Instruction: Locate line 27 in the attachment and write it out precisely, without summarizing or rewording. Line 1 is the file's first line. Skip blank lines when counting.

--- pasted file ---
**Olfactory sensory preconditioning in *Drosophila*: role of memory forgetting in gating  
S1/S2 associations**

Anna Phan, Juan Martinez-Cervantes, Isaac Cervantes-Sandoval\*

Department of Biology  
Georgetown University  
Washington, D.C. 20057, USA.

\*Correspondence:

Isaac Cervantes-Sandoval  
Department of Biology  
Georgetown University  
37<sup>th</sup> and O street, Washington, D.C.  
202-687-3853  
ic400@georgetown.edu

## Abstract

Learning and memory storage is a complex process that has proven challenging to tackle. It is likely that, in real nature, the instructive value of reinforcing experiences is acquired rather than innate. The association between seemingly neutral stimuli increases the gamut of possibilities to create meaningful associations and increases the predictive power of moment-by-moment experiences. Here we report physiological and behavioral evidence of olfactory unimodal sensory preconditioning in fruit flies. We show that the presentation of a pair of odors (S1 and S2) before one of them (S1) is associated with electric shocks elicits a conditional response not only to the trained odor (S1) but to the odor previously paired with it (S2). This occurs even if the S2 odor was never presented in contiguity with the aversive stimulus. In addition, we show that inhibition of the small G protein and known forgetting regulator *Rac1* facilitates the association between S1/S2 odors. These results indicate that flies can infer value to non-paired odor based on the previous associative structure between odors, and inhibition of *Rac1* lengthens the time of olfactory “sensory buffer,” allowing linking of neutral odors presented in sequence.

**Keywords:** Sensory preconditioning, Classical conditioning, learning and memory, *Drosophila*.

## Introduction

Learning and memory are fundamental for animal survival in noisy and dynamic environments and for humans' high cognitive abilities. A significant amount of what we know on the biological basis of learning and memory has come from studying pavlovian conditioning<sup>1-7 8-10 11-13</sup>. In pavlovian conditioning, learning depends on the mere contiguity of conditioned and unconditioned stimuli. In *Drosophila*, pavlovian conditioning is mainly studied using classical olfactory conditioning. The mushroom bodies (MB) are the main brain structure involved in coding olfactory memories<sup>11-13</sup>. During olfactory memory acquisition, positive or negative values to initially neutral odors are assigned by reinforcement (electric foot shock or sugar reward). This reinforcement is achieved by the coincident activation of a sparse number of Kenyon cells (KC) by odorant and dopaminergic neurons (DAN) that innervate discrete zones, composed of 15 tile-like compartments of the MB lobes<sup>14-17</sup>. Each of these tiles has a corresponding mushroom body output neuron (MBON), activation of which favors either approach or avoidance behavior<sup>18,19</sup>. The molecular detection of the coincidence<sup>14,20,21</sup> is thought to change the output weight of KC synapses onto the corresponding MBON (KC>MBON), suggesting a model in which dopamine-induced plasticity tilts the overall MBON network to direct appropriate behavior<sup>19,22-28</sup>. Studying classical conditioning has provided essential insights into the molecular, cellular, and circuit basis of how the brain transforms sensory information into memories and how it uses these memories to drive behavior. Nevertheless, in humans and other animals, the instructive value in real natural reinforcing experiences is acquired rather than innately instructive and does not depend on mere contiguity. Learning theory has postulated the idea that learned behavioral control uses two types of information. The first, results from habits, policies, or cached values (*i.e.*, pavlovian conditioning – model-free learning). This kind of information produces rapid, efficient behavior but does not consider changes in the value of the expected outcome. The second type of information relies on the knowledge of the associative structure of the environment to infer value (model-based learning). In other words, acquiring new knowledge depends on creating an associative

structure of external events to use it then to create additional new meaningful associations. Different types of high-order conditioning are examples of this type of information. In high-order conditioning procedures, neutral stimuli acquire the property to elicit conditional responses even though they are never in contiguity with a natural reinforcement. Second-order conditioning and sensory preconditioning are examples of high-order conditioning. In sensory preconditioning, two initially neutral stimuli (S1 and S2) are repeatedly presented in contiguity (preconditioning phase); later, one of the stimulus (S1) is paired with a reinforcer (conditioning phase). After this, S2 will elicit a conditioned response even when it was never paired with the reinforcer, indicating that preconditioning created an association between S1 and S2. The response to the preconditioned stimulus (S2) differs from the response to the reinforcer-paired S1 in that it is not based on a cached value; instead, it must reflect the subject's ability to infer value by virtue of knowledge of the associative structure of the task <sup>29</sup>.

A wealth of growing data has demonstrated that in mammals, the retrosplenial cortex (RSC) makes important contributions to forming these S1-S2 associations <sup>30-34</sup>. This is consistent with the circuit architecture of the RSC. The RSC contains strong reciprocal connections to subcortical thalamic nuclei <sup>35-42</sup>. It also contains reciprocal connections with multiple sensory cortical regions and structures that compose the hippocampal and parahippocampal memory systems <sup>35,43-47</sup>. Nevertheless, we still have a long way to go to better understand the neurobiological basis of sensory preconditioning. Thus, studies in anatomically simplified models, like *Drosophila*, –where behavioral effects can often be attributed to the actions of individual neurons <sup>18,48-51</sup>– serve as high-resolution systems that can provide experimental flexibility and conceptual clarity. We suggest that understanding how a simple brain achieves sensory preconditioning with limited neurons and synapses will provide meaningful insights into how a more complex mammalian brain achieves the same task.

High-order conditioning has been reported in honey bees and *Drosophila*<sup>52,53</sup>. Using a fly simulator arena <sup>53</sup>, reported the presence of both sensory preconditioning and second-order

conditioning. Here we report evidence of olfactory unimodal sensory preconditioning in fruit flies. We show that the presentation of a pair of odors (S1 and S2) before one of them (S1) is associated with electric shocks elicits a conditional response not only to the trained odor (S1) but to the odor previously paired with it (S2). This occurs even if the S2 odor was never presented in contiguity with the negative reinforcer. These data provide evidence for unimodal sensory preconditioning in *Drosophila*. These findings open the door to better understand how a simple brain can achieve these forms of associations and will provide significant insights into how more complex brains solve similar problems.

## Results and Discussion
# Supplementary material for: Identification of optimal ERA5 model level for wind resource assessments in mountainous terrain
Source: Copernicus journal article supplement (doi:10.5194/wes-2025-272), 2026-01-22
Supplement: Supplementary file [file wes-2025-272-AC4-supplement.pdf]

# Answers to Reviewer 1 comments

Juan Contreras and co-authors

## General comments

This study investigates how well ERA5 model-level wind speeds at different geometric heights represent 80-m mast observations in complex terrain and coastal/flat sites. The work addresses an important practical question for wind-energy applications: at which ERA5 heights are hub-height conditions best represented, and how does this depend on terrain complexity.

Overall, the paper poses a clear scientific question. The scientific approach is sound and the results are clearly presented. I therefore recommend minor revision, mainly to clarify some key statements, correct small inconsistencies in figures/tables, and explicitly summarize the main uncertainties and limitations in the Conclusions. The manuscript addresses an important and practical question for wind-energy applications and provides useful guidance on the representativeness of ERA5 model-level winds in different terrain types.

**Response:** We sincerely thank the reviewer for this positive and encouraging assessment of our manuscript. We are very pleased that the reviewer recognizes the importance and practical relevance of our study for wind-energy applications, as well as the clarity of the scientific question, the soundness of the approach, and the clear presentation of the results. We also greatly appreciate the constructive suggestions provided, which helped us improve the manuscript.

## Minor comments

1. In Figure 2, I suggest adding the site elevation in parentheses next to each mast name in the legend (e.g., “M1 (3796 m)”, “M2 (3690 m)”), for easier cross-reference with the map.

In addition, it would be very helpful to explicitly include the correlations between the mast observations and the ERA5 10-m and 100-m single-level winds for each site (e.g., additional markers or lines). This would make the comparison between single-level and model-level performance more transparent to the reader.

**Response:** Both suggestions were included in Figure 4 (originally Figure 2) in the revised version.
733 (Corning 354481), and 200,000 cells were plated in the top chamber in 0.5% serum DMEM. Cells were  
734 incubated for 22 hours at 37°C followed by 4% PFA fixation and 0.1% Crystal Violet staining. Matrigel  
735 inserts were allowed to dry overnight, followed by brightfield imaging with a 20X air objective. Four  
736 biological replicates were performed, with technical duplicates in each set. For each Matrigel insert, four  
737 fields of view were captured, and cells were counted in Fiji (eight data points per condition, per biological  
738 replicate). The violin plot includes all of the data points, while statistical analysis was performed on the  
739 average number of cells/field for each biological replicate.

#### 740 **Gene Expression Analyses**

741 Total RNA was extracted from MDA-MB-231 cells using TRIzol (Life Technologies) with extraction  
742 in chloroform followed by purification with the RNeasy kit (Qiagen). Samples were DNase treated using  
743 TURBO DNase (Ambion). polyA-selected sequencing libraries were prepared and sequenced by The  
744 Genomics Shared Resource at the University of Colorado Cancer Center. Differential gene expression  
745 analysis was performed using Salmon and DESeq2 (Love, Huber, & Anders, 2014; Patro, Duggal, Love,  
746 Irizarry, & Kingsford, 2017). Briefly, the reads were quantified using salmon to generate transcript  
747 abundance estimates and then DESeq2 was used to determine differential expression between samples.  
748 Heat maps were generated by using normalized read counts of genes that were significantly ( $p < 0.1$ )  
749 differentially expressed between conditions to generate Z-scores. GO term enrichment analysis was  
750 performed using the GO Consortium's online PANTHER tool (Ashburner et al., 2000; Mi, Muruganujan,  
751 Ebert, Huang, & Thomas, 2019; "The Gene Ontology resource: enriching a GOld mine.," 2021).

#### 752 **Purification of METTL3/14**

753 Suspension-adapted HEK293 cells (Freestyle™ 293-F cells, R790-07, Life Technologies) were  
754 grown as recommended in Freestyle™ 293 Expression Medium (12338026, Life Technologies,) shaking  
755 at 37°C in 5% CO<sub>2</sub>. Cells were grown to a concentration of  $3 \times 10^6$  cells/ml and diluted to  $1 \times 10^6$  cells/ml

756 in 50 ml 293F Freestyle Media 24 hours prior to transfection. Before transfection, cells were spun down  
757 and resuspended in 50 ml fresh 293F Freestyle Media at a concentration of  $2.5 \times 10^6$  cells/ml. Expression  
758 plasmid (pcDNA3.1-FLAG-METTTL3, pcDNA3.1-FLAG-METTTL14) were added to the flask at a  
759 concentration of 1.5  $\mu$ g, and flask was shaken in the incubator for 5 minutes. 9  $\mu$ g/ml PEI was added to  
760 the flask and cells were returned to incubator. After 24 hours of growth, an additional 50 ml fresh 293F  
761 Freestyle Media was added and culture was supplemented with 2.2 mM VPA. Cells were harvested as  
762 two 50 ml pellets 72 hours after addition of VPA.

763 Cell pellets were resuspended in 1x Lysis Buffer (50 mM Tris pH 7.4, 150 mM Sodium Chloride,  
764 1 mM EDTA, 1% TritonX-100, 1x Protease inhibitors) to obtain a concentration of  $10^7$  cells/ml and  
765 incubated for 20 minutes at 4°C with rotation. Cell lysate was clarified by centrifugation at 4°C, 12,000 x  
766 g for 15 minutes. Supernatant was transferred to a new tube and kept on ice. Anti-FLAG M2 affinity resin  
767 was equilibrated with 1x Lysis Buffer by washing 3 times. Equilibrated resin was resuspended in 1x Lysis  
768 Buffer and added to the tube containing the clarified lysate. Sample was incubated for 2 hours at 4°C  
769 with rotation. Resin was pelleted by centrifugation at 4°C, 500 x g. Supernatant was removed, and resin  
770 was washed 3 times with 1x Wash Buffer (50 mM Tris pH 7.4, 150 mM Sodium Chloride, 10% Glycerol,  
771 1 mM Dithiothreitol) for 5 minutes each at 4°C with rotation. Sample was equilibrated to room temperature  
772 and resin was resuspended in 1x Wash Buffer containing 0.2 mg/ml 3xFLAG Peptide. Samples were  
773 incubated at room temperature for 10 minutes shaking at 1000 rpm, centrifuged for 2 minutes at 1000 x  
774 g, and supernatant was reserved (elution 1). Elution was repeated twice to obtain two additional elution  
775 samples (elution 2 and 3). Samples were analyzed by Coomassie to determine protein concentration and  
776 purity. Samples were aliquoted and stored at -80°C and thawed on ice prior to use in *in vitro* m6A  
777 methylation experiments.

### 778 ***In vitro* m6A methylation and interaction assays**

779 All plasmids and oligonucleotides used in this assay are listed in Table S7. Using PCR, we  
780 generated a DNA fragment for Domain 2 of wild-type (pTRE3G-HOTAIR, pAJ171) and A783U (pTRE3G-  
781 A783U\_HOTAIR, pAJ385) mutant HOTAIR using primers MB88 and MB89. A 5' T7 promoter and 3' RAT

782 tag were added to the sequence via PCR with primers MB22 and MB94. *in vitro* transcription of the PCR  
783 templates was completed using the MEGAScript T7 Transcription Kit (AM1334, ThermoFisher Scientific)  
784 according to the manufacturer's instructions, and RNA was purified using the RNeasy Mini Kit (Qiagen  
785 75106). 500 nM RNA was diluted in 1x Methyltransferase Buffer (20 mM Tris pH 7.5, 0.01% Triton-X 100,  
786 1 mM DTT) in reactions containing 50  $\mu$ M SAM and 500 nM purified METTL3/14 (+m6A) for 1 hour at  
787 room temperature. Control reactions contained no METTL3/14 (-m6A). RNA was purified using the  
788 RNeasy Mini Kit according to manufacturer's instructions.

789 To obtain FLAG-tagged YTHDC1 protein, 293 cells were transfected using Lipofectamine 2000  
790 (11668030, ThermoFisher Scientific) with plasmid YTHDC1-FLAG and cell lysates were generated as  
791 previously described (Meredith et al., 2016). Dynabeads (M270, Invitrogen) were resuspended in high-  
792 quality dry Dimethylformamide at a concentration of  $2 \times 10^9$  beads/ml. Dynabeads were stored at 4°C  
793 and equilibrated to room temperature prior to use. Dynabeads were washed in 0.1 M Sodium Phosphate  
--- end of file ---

# Answers to Reviewer 1 comments